Two weeks ago saw the premiere of two new shows on NBC and ABC, and although Rise, a drama about the staging of Spring Awakening in a small town high school, and For the People, a legal drama in the Shonda Rhimes tradition, are quite different shows, they shared some similar flaws in their pilot episodes. And this post will be just about the pilot episodes because I haven’t gotten around to watching the second episodes yet.
I’m not entirely sure what to make of the first episode of Rise. It should be a simple premise–the new head of the school’s theater department (played by Josh Radnor) tries to put on Spring Awakening and meets resistance due to its controversial subjects–and yet it seems like the pilot struggles to effectively convey it. Part of that is due to the strange mixing of the show’s different elements: the assembling of the cast, the connection the teens have with the musical, and the characters’ home lives are all jumbled together with no driving plot, and it leads to all these elements feeling underbaked. I think the show would have been better off taking things more slow, spending less time developing the personal stories of its characters and making the casting of the musical happen all at once so that some characters aren’t already rehearsing before others are even involved.
The biggest illustration of this problem comes at the end of the episode, when the school’s principal tries to shut down the production and the students reject his decision by burning the props and costumes for the show they’re told to do instead. However, only one of the characters outside of Josh Radnor’s has even been shown to care about Spring Awakening, specifically, and so this moment comes across as totally unearned. And given that it’s the climax of the episode, that’s a pretty big issue.
So, yeah, I dunno. There’s some potential to Rise, and I’ll maybe give it a few more episodes to even out its storytelling, but one of the most important things a show needs to do in its first episode is to give the audience a reason to care, and this pilot was so overstuffed with premises and story seeds that it was never able to make any one of them especially compelling.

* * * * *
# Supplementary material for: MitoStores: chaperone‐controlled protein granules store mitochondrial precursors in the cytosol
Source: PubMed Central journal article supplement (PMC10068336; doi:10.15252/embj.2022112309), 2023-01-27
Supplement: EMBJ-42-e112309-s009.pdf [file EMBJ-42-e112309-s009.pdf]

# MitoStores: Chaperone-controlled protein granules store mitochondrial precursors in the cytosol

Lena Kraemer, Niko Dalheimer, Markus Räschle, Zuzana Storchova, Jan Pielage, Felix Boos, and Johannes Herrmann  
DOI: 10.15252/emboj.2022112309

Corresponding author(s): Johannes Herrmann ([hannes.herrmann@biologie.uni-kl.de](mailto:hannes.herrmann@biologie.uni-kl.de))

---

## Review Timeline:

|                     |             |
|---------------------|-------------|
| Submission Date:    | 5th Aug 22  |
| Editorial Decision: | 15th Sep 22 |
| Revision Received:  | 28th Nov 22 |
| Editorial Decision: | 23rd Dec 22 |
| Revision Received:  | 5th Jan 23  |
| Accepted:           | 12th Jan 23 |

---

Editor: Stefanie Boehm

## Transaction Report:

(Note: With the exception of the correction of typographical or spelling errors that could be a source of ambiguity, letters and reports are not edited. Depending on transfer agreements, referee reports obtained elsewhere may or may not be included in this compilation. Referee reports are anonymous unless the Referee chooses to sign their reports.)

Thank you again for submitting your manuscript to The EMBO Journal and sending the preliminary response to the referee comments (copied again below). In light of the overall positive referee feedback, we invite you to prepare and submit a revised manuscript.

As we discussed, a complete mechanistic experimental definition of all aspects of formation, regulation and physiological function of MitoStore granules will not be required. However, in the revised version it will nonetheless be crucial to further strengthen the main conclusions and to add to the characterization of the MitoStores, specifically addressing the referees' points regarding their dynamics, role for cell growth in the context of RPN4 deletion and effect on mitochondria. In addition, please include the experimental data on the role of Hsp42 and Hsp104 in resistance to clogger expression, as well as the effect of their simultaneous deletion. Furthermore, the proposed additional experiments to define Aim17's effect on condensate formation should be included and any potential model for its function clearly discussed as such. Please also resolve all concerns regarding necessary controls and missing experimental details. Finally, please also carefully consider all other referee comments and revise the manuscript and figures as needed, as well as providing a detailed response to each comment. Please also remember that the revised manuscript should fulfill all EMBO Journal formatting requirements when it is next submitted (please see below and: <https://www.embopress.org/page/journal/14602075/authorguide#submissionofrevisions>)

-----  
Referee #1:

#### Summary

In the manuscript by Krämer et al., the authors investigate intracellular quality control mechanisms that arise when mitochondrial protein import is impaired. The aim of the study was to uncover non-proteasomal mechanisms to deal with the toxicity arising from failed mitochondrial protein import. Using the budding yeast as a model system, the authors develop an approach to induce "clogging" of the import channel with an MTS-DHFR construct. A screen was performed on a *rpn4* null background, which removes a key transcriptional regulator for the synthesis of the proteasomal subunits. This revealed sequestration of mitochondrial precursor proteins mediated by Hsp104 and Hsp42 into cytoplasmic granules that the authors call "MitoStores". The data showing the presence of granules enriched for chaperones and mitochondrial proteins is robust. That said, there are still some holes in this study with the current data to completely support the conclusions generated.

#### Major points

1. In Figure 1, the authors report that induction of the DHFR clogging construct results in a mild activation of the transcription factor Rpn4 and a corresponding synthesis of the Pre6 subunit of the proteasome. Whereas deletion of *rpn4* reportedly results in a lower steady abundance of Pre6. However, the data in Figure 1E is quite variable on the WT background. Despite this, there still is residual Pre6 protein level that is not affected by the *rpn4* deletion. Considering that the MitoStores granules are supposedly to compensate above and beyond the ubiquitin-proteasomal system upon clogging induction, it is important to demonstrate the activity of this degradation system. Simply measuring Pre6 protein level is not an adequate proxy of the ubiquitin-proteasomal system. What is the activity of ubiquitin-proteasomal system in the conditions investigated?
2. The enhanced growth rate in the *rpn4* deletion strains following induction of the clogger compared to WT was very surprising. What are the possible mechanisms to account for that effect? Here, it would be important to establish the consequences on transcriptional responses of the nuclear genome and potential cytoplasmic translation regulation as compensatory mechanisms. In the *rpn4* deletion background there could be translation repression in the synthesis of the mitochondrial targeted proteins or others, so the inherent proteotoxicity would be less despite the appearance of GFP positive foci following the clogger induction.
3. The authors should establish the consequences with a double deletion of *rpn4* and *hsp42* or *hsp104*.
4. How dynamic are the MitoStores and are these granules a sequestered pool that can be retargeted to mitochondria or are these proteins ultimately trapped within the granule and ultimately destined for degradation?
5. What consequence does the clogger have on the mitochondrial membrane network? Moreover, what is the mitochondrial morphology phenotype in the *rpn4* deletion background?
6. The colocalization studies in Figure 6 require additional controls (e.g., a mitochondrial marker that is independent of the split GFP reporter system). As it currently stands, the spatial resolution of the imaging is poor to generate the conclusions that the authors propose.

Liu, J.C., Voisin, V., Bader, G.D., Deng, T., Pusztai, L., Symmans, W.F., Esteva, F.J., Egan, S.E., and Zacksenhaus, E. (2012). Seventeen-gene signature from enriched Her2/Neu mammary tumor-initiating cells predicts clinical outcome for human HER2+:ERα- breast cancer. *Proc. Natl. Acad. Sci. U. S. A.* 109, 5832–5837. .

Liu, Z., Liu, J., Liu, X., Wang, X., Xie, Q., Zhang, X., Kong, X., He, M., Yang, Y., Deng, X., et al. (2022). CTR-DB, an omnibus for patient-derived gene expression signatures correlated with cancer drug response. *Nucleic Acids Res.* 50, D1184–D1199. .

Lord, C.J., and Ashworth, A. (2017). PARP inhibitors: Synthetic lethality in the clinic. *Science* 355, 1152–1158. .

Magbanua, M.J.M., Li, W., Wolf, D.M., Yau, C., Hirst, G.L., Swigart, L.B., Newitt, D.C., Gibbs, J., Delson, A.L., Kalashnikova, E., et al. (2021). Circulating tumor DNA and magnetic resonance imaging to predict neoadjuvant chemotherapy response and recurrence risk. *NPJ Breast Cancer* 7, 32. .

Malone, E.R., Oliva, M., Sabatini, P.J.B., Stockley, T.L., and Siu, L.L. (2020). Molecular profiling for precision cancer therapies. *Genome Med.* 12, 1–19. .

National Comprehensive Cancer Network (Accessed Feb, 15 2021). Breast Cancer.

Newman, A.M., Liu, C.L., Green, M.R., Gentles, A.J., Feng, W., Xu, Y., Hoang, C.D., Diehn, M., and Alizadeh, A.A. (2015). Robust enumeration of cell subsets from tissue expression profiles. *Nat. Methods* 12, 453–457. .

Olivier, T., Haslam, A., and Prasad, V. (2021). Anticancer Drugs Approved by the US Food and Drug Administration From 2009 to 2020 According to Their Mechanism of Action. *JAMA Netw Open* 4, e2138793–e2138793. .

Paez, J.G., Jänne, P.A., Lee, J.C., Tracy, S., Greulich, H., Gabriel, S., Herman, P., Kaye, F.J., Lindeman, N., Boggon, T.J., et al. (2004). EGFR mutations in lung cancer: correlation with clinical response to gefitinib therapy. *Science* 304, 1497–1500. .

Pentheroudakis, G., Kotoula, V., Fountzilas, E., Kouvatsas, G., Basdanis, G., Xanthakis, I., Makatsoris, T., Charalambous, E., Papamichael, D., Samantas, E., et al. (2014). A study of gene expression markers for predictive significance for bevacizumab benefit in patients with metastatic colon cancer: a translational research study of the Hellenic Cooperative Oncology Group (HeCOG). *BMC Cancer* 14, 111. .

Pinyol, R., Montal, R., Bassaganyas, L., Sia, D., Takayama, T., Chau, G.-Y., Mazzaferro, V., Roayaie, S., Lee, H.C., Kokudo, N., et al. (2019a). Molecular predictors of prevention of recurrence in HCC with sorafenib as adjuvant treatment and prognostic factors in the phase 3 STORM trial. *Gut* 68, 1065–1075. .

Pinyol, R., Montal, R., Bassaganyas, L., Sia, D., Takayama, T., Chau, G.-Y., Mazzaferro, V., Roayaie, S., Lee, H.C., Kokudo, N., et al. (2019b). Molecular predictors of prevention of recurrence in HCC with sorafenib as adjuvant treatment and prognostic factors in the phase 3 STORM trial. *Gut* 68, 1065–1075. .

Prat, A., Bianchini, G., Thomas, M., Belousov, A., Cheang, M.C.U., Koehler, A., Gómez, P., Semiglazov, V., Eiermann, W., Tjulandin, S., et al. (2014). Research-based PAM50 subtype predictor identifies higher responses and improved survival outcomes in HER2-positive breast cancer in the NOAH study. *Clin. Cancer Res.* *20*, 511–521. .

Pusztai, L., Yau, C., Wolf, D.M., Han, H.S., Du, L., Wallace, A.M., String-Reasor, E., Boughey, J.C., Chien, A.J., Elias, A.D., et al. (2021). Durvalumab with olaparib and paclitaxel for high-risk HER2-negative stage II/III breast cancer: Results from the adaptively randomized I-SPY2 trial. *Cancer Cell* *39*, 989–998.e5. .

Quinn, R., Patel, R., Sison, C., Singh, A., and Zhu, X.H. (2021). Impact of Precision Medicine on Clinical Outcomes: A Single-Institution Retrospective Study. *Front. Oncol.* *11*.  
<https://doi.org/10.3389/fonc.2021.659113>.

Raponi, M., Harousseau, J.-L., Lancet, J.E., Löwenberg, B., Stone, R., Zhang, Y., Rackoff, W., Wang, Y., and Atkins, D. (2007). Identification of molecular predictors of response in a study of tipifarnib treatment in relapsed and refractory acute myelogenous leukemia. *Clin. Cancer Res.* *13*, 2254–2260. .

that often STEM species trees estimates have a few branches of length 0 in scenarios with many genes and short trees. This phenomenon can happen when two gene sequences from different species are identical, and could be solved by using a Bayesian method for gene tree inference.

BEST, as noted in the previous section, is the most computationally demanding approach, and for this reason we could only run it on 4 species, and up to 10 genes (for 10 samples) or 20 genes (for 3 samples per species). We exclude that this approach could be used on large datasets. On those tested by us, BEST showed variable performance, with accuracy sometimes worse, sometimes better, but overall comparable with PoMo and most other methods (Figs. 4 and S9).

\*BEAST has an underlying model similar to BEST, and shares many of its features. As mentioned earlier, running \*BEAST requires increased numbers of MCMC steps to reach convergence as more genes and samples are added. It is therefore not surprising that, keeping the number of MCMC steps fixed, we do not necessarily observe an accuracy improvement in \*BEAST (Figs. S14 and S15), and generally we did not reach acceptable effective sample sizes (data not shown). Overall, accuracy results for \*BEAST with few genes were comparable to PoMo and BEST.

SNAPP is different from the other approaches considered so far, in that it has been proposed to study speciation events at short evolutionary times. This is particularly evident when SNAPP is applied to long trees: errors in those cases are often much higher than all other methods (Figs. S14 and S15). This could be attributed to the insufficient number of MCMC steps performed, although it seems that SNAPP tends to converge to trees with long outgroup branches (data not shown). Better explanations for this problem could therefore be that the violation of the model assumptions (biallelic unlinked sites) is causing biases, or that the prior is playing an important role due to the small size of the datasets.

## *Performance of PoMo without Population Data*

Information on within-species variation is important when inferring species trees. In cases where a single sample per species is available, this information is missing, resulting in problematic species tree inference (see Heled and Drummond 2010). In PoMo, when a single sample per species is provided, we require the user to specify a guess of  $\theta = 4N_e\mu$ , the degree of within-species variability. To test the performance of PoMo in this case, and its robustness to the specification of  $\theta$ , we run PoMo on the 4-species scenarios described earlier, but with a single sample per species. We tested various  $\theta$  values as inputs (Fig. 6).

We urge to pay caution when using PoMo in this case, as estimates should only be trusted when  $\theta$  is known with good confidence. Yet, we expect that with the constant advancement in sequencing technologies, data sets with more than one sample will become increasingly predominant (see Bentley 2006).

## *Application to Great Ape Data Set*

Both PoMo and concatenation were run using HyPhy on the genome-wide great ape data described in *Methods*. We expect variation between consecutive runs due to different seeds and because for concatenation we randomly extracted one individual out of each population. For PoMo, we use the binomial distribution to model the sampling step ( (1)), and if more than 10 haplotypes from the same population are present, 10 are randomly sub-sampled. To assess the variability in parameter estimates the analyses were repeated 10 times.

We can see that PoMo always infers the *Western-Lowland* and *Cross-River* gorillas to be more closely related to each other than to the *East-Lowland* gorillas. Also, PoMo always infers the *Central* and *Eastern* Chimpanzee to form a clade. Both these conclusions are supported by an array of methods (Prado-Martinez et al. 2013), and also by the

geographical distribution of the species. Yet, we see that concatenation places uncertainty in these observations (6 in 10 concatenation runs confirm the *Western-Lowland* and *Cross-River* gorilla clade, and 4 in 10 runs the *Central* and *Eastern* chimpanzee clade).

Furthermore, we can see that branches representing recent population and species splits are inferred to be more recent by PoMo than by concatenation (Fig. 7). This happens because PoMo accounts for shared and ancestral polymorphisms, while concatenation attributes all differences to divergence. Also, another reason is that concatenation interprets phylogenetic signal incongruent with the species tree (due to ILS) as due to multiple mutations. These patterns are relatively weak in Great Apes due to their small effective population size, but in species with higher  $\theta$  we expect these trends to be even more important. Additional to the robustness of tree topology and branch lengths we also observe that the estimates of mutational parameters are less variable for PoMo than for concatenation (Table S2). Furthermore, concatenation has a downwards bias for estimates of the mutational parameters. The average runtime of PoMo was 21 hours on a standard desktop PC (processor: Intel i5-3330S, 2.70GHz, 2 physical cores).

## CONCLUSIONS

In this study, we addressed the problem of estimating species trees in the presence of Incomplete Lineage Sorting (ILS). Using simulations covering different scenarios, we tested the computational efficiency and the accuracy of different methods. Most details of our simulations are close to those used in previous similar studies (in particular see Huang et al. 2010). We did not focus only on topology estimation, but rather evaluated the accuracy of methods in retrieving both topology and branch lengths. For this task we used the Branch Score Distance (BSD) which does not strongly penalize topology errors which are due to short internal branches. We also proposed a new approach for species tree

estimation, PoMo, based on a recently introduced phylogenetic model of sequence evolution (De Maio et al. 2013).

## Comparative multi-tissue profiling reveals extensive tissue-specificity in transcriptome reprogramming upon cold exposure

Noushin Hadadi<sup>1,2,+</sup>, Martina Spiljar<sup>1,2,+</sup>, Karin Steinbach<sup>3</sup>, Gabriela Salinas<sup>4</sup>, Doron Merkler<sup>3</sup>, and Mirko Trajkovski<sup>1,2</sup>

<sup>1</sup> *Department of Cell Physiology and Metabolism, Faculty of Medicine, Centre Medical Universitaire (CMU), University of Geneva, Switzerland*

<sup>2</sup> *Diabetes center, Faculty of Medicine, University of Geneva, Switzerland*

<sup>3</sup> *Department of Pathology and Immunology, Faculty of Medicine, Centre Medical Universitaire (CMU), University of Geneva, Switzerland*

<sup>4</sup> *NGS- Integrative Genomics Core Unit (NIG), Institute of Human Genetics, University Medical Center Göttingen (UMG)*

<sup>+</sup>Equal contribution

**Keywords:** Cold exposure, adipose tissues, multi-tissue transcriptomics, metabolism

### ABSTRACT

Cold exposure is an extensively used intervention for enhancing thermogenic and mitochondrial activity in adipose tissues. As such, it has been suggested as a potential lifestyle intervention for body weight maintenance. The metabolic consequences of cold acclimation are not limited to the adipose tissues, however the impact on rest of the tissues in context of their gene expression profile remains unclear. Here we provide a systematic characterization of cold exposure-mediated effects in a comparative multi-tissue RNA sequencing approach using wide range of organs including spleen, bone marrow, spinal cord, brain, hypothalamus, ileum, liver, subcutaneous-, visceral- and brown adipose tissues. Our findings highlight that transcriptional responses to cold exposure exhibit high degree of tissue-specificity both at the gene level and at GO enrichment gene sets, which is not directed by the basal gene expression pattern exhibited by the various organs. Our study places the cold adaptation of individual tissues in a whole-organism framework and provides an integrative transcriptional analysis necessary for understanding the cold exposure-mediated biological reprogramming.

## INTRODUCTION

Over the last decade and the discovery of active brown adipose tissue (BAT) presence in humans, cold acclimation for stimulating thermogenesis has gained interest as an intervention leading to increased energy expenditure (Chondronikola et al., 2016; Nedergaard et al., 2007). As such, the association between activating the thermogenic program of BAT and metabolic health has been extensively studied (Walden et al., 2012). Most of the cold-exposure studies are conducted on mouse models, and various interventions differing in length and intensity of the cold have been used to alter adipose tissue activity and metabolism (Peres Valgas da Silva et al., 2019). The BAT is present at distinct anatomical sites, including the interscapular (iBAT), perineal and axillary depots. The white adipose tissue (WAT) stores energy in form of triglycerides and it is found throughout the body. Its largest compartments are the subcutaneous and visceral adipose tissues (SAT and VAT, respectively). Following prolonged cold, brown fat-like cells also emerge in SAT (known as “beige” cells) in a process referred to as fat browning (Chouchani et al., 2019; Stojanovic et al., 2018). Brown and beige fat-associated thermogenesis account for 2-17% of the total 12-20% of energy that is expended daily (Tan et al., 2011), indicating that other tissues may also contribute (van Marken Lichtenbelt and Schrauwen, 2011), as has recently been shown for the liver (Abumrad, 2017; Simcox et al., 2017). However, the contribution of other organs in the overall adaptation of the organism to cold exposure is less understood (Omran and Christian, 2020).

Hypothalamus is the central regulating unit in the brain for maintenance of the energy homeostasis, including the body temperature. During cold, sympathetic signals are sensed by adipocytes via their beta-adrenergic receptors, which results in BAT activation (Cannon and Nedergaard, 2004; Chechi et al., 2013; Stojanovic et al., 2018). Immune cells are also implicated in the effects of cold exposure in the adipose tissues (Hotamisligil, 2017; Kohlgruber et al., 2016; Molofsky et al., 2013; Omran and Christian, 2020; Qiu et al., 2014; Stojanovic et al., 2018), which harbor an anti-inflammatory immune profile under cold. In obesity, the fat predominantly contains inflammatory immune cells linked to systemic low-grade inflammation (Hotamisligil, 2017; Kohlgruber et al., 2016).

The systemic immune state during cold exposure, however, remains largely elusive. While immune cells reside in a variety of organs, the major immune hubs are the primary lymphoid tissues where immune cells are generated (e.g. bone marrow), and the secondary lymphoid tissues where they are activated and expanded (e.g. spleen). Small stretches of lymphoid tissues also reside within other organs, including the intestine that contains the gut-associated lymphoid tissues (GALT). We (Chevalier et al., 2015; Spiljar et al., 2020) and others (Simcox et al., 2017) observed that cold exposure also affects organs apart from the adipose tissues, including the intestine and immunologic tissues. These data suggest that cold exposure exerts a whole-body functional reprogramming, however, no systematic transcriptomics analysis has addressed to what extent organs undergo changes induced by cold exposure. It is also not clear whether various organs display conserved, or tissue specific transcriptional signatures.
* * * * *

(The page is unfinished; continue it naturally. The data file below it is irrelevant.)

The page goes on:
Speaking of “overstuffed,” that about sums up the pilot of For the People. The show follows six new public attorneys, three in defense and three in prosecution, in the “Mother Court” in New York. It’s a great premise that allows for the show to feature both defense and prosecution in lead roles while giving its characters a home base (and while allowing for genuine uncertainty about which side will win a given case), but even with conveniently pairing of its characters into three different cases the show’s pilot feels like it has no room to breathe. As a result, one of the six main characters gets only a few minutes of screentime across the whole episode, and even the more-or-less protagonist’s case is woefully underdeveloped.
Part of that undervelopment is just from what I think is a mismanagement of the material, though. The case in question is a young man being prosecuted for trying to blow up the Statue of Liberty, except it turns out the whole plan was the product of FBI agents coaxing the man into becoming a terrorist. This brings up really meaty questions about the morality of the government doing this and the culpability the man has given that he was radicalized against the United States by the United States, and what exactly is the legality of all that, but these quandaries are shoved entirely into the background so that the case can be a proving ground for the protagonist. This is fair enough in a vacuum–it’s more important in a pilot episode to establish the characters than to engage in an interesting but inconsequential story–but if the only point of this plotline was for the sake of the protagonist’s character, then it feels like a waste to have the case be so interesting in its own right.
Otherwise, though, I think For the People shows a lot of promise. The secondmost important plotline involved the protagonist’s best friend going against her boyfriend in a case, and the tension this caused between them was interesting and engaging and the case was at the right level of development so that it felt meaningful without overshadowing the foreground plot. And while the third case was weird, feeling like it got cut off at the end of the second act, it contained good establishing moments for its protagonists. The show also contained just enough scenes outside the main cases to feel like it had a little bit of room to breathe, including one nice moment where Leonard enters Kate’s* office after winning his case and asks her why she’s not celebrating like the rest of the office, and she says “I never celebrate people going to jail.” It sounds kind of silly described like that, but it worked really well in the episode and Kate is already a standout character.
*I absolutely had to look up these characters’ names because I don’t think they even get mentioned in the show.